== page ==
Like an unruly student, a cold front with threatening thunderstorms delayed the scheduled Sunday morning shuttle liftoff of teacher Sharon Christa Corrigan McAuliffe, who is poised to become what she calls the first "ordinary person" in space.
She and six other crew members are now scheduled for launch at 9:37 a.m. EST Monday from Kennedy Space Center aboard the shuttle Challenger, with McAuliffe's son's stuffed frog, named Fleegle, along as mascot.
McAuliffe, 37, a social studies teacher from Concord, N.H., plans to teach the first classes from orbit to millions of school children.
McAuliffe's adventure begins an era for NASA in which the macho mystique of "the right stuff" will be replaced at least in part with an appeal for everybody's "stuff."
She is first shuttle passenger sought by NASA under its "private citizen" designation. Other nonastronaut passengers have included Sen. Jake Garn (R-Utah), Rep. Bill Nelson (D-Fla.), an Arab prince and German and Mexican engineers.
McAuliffe is to be followed into space by several other citizen-passengers, or "guestronauts," selected by NASA. The next will be a journalist and after that, poets, blue-collar workers, musicians and others will be invited to apply.
Her presence on the mission has achieved at least part of the effect sought by the space agency in boosting public interest, particularly in schools, in the delay-plagued shuttle program.
On Friday, Ron Epps, a senior crew trainer for NASA, compared the globe of the Earth depicted on this mission's official badges to "an apple for the teacher."
After 400 hours of training, including bouncing around in the KC135 training plane sometimes called the "vomit comet," which briefly approximates the sensation of weightlessness, McAuliffe exhibited "no unique problems," he said.
About 850 journalists, nearly twice the average for recent launches, have applied for credentials to cover her flight, officials said. Many are from New England and have never covered a launch.
Thousands of visitors, including 66 busloads of teachers and students, and dozens of public officials and other dignitaries, are expected to be on hand for liftoff, which can occur anytime within three hours beginning at 9:36 a.m.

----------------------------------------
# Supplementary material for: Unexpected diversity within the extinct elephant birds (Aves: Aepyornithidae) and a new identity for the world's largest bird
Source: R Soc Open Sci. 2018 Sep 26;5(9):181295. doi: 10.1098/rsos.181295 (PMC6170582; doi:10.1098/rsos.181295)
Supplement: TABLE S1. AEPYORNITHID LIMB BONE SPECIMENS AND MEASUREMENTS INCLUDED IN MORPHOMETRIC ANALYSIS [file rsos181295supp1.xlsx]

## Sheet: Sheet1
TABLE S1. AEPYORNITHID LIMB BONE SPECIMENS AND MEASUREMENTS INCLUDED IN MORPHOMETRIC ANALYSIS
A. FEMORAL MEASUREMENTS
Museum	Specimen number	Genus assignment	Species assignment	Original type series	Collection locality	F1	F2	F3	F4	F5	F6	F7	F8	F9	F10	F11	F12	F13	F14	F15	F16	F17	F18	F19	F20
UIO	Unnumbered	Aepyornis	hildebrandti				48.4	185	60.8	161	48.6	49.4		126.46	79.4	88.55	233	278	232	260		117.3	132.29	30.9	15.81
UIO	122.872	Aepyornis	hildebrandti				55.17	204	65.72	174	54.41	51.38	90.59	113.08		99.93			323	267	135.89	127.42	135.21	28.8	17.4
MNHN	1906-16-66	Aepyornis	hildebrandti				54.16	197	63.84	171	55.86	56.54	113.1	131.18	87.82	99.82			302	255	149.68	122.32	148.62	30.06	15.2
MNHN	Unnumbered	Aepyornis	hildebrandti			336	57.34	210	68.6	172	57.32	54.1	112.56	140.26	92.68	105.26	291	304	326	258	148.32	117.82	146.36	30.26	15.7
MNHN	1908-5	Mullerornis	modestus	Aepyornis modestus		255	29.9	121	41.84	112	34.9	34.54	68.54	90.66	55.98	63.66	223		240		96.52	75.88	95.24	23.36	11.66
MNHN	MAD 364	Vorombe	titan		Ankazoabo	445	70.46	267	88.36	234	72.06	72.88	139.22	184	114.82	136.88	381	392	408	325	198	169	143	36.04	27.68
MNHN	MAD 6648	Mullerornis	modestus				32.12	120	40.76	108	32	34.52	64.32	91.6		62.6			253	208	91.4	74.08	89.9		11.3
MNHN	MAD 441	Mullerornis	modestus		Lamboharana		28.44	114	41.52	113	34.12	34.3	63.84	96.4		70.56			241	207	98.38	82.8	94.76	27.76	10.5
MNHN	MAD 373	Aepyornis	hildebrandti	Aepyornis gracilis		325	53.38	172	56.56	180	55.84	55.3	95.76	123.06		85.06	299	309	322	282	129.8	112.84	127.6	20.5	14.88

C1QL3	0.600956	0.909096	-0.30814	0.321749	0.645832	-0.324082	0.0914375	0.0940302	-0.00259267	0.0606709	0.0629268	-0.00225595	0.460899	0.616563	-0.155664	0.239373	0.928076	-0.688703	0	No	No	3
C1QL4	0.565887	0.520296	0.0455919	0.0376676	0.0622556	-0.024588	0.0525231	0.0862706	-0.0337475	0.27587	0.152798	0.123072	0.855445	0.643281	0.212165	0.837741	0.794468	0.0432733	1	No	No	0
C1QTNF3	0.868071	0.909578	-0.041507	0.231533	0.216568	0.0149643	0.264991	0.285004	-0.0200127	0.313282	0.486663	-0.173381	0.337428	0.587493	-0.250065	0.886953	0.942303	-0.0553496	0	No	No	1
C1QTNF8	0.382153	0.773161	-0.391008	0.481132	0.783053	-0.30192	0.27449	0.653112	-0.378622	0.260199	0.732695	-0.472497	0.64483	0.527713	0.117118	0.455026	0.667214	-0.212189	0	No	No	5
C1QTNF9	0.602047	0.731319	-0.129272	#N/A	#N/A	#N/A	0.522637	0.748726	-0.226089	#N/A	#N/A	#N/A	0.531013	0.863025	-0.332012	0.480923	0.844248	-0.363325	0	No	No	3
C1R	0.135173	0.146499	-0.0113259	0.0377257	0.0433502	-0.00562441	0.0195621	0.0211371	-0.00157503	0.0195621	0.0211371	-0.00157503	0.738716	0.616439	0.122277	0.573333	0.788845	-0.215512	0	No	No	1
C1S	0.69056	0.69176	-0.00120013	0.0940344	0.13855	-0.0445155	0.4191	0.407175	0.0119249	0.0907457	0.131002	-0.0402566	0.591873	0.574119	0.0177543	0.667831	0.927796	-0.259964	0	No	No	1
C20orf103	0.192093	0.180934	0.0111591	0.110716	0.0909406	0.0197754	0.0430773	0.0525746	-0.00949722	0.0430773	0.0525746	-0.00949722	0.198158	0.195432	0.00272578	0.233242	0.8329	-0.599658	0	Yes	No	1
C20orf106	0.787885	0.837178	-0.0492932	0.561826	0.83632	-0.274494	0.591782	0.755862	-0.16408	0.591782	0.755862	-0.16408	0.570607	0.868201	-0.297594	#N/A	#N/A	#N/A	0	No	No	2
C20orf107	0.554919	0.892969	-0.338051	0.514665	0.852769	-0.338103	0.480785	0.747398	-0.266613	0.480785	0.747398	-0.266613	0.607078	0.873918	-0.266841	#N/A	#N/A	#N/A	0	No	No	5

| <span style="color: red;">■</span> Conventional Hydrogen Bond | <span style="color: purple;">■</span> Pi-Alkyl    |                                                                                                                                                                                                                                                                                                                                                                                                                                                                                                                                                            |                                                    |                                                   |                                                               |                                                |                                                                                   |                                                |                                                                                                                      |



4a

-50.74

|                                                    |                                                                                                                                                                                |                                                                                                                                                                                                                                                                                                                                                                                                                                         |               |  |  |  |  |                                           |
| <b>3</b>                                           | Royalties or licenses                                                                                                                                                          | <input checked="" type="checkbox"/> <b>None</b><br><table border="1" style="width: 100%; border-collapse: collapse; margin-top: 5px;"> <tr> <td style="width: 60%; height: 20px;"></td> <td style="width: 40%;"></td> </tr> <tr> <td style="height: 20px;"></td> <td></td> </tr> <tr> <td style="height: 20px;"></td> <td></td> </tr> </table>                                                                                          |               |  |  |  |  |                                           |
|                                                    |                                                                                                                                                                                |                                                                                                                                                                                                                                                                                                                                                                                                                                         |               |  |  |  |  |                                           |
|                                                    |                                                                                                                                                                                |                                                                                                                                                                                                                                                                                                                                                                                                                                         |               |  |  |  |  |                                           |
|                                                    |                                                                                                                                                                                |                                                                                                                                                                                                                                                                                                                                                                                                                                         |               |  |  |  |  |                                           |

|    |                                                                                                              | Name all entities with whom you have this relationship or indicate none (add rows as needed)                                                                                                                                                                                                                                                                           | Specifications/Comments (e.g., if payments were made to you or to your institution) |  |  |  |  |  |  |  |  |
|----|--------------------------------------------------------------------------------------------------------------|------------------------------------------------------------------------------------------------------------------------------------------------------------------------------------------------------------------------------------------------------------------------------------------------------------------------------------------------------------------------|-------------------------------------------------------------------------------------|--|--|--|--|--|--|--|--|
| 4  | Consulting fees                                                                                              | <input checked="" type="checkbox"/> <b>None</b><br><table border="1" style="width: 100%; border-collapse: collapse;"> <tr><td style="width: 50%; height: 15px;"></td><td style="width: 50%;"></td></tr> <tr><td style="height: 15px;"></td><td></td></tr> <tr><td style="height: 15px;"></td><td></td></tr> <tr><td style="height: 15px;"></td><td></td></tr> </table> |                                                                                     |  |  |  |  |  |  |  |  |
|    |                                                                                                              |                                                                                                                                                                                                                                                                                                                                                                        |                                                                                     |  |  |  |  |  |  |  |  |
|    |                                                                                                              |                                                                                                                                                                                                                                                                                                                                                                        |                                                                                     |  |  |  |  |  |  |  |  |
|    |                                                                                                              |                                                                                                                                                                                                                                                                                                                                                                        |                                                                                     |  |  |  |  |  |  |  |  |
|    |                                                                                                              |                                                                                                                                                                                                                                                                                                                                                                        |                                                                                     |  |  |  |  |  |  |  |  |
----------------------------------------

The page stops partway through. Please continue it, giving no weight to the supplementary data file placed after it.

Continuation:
Vice President Bush, who announced McAuliffe's selection last July from among 11,000 applicants, has said he will attend. So will McAuliffe's husband Steven, an attorney; her son Scott, 9, and daughter Caroline, 5.
Scott McAuliffe, who donated Fleegle from his extensive frog collection to serve as Challenger's mascot, arrived Thursday with 17 classmates from Kimball Elementary School in Concord. His space center tour included a look at the shuttle that will carry his mother on her 2-million-mile journey.
Like other tourists at Spaceport USA here, the class saw movies about the space program, spacecraft models in the "rocket garden" and such exhibits as "The Uses of Velcro in Space."
On the fourth day of the planned six-day mission, McAuliffe is to deliver two lessons from space, via satellite, to classrooms across the country. The lessons will be carried by the Public Broadcasting Service, which has asked its 300 U.S. affiliates to interrupt regular programming for the two half-hour segments.
The unprecedented space classes will permit McAuliffe's students at Concord High School to ask her questions.
During her career, the ebullient teacher has specialized in teaching the role of the unsung common citizen in history. She said one of her goals in applying for the flight was to show that "ordinary people can make a contribution, too."
Barbara Morgan, selected as McAuliffe's alternate, will introduce McAuliffe's lessons, and her students at an elementary school in McCall, Idaho, also will beam questions to McAuliffe.
As many as 25 million students from kindergarten through high school, from Florida to Alaska, might watch the live broadcasts, officials said. About 2.5 million students are expected to see McAuliffe's broadcasts, as well as other shuttle programming, through satellite transmissions to receiving discs at their schools.
McAuliffe, who taught in Prince George's County, Md., schools between 1971 and 1978, will describe life in orbit in the first lesson, "The Ultimate Field Trip." In the second, she will explain why Americans are exploring space.
The mission's other goals, largely upstaged, include deployment of a science probe to study Halley's Comet and launch of a satellite designed to improve communication between ground controllers and future shuttle crews.
The crew is commanded by retired Air Force major Francis R. (Dick) Scobee, with Navy Cmdr. Michael J. Smith as pilot. Mission specialists are Judith A. Resnik, Ronald E. McNair and Air Force Lt. Col. Ellison S. Onizuka. Hughes Aircraft Co. electrical engineer Greg Jarvis is payload specialist.